News » POSTED 29.05.2017

PRS June 2017 - Examination timetable

Image: Simon Pendal, Entrainment: an architecture of feeling and thinking. PRS Public Examination, October 2016. Photo: RMIT School of Architecture & Design

 

The Practice Research Symposium (PRS) is a twice-yearly gathering of research candidates enrolled at RMIT in disciplines associated with Architecture and Design.

EXAMINATIONS
Please note there will be no late entries after the examination start times. 

Wednesday 31 May 2017

Kathy Waghorn
PhD Architecture & Design
The Practice of Feeling for Place: a compendium for an expanded architecture
10.30am
Audience to arrive by 10.15am. Strictly no entry after 10.30am
Project Room 1, Level 2

The practice of feeling for place proceeds from a hunch that a correspondence between art and architecture might expand the field of architecture through foregrounding the complexity of place. Activating knowing-through-practising, I fashion an experimental self as an agile figure who moves across and between art and architecture, amateur and expert, outsider and local. This experimental self cultivates a practico-social-spatial energetics, catalysing situations and influencing others to invoke feeling for place as a political, ethical and aesthetic task.

This practice finds allegiances as it rubs up against the attributes and procedures of socially engaged art and alongside those who pursue critical spatial practices. From the practice I identify tactical ways of operating that expand the architectural field by embracing time, process and subjectivity. Taking up the unexpected roles and positions that emerge in this expanded field I encourage a pedagogic disposition towards ‘paying attention’ and ‘piecing together’ as I draw on forms of agency to intervene in or coalesce place assemblages.

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Penny Allan
PhD Architecture & Design
Feeling Indeterminate: the experience and design of big landscapes
2.30pm
Audience to arrive by 2.15pm. Strictly no entry after 2.30pm
Project Room 1, Level 2

A fundamental challenge for landscape architects is the need to deal with landscape in a constant state of transformation. In the last two decades, an entire sub discipline has grown around documenting and designing with and for this complex condition. Most approaches are concerned with mapping flux and deal with landscape systems from a regional perspective. But the complexity of large-scale landscape systems can be overwhelming, and it is difficult to shift perspective from the very big to the human scale, which leaves human experience largely unaccounted for in these approaches.

In this PhD, I propose an alternative perspective. Against the discipline’s focus on process, my work is concerned with experience, specifically with how big landscapes feel. I am interested in what kinds of knowledge and sensibilities can be extracted through the direct experience of complex landscapes. From the examination of my own body of work and the select work of others, I distil and test three strategies to make the central notion of ‘how landscape feels’, operational.  I discover two things: that the experience of big landscapes makes tangible a sense of indeterminacy which abstract mapping misses entirely. and furthermore, that this feeling of indeterminacy is the foundation of human agency and adaptation.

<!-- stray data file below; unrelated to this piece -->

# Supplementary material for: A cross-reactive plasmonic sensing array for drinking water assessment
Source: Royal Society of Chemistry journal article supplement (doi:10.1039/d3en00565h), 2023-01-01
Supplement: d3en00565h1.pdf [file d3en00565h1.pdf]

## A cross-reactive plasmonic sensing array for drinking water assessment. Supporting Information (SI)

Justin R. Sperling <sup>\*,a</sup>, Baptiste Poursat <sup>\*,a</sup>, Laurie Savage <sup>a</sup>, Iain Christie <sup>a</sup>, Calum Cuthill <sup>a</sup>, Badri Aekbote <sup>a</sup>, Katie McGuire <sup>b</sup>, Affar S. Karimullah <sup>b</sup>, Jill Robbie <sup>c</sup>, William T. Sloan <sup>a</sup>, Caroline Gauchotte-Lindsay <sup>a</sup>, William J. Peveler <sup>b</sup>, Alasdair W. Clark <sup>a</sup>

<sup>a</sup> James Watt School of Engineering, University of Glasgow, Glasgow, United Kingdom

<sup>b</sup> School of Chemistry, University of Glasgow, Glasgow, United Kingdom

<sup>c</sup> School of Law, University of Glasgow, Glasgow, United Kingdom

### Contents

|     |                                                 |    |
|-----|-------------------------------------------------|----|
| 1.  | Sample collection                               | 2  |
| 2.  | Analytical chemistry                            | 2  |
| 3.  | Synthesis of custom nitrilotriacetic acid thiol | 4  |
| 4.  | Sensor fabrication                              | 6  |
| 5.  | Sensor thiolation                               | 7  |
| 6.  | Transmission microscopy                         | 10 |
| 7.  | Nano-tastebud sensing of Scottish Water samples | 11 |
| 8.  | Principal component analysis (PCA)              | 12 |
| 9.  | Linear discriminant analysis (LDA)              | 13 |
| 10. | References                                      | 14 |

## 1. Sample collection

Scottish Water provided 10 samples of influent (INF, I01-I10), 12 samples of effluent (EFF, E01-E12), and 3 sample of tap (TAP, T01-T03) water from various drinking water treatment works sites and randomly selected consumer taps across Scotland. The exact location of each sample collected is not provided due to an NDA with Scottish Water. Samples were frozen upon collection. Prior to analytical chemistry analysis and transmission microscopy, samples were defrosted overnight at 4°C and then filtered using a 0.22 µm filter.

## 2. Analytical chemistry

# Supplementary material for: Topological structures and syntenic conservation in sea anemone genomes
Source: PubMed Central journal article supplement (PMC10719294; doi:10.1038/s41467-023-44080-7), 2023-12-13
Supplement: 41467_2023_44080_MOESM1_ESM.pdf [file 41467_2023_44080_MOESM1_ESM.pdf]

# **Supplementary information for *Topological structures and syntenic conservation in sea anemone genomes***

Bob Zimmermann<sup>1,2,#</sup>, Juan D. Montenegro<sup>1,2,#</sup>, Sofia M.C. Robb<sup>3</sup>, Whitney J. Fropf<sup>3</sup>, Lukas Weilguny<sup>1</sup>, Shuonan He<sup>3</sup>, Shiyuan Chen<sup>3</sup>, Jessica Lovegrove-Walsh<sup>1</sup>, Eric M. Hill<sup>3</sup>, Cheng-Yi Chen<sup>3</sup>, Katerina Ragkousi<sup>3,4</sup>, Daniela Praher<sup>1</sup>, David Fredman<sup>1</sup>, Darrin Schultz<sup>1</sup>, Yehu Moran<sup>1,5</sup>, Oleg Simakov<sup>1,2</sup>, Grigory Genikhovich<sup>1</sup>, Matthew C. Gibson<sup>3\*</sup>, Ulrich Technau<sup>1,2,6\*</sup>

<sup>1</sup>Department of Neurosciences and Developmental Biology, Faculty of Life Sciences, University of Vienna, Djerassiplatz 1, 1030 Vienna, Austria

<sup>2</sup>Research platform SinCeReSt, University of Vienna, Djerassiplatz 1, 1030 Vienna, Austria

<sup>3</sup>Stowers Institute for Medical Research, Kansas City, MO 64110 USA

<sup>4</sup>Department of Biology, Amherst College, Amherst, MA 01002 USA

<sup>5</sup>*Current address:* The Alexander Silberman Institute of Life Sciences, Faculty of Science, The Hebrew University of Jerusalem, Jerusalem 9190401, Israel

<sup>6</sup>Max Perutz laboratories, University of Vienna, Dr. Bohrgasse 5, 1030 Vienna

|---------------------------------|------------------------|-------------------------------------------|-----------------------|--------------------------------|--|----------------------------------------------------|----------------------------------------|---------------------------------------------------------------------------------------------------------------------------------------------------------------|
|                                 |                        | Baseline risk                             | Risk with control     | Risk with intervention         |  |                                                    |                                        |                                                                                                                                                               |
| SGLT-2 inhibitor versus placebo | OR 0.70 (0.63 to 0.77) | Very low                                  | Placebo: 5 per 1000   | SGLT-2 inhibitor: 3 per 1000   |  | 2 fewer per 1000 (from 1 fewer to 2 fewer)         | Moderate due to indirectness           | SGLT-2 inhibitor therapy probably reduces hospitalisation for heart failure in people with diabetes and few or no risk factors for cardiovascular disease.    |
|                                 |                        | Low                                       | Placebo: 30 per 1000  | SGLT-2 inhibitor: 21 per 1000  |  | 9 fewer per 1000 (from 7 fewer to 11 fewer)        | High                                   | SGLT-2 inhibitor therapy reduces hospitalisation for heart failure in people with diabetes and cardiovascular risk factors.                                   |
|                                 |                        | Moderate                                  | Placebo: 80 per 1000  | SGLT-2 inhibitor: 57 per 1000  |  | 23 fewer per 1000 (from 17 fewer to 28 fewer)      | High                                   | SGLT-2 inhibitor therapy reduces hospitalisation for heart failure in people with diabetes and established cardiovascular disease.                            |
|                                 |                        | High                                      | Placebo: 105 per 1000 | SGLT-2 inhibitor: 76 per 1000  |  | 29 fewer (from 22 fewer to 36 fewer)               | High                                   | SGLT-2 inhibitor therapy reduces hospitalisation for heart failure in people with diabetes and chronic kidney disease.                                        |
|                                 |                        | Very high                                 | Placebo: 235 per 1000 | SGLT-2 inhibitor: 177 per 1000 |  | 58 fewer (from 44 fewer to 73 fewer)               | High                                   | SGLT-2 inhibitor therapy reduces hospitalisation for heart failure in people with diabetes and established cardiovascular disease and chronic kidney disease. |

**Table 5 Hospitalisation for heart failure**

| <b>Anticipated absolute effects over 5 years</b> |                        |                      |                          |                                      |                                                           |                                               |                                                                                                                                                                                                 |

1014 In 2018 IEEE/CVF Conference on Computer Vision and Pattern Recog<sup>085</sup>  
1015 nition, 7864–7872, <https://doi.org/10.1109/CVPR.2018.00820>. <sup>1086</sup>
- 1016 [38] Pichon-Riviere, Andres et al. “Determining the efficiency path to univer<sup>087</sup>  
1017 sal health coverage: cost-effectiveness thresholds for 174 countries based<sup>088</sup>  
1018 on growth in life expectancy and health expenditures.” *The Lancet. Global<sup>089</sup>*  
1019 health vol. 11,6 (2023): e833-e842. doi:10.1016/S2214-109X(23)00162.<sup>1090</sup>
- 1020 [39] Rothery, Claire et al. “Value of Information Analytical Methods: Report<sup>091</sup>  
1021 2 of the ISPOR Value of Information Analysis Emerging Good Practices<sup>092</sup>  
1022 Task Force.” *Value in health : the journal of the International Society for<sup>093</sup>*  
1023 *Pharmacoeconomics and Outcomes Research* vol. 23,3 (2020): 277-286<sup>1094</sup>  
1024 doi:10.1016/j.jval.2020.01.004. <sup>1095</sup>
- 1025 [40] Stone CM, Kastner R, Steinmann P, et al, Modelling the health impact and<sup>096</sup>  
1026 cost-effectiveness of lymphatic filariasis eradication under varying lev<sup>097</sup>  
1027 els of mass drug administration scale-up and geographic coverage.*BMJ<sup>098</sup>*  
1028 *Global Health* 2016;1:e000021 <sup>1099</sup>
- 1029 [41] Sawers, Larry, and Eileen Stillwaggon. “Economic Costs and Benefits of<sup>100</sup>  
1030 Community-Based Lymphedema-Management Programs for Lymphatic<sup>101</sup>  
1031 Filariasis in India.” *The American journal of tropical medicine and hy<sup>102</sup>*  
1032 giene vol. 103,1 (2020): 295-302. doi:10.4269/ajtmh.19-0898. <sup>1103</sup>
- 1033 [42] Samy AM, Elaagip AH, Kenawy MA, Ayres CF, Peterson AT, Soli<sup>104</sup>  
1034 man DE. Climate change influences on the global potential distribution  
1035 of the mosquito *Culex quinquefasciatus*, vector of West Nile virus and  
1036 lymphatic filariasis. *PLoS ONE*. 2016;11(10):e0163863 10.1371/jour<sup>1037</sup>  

Thursday 1 June 2017

Scott Elliott
PhD Architecture & Design
In Pursuit of Puzzlement: How architecture can pose questions
10am
Audience to arrive by 9.45am. Strictly no entry after 10am
Project Room 1, Level 2

Through building site-specific architectural interventions, this PhD develops an artistic practice that draws out puzzlement and tentativeness in the relationships between body and architecture. This research proposes that posing spatial questions through the construction of puzzling environments and interventions allows an open-ended engagement with surroundings to develop over time.

Rather than questioning rhetorically through language and reflection, questions are posed through the space and materials of engagement, by extending elements from a given architectural environment that becomes inflected and destabilised. These extensions create material encounters that begin to reveal the contingent relations between body and architecture. Rather than foreclosing with conclusions, the aim is to generate a puzzlement that opens up the potential for reconstructing body-architecture interdependencies.

This doctoral research, conducted through artistic practice, occurs within the field of architectural art installations, and is informed by specific lineages in art practice and philosophy that explore relations between body and architecture. It offers a contribution to art practices that engage with architecture, and proposes how art can intervene into and inflect our relationship with built surroundings to not only reveal contingencies between body and architecture, but also open up potentials for rethinking and recasting this relationship.

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Kate Church
PhD Architecture & Design
Embracing Imminence: land...scapes and the peculiar distance
2.30pm
Audience to arrive by 2.15pm. Strictly no entry after 2.30pm
Project Room 1, Level 2

Embracing Imminence casts a realigned landscape practice into the temporal lag immediately preceding the Anthropocene’s official ratification, anticipating the conceptual and disciplinary implications of this epoch. Just as the last bastion of the ground’s metaphoric stability is jettisoned, it must shed its associations of solidity, homogeneity and stasis. Geologic signifiers of perpetual and serial change are apprehended through the research as harbingers of a likely near-future landscape condition. Through modes of plotting, gleaning and fabricating, I explore the mobility and flux of the land in relation to the geological agency of the body.

Each mode ‘grasps for’ and suspends the dynamic, entangled conditions of the restless body and the shifting ground as an expanded practice of making. Collectively, these modes of practice modulate, waylay and ‘hold open’ a relation to imminence.

Encountered here as a practicescape the modes capture shifts that are perceivable in a human lifetime, as opposed to the geological epochs by which most geomorphological changes are registered. This augurs a research terrain which is simultaneously horizontal, geologic and durational…

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Simon Twose
PhD Architecture & Design
Drawing/building/cloud/      sfumato practice as an open work
2.30pm
Audience to arrive by 2.15pm. Strictly no entry after 2.30pm
Project Room 2, Level 2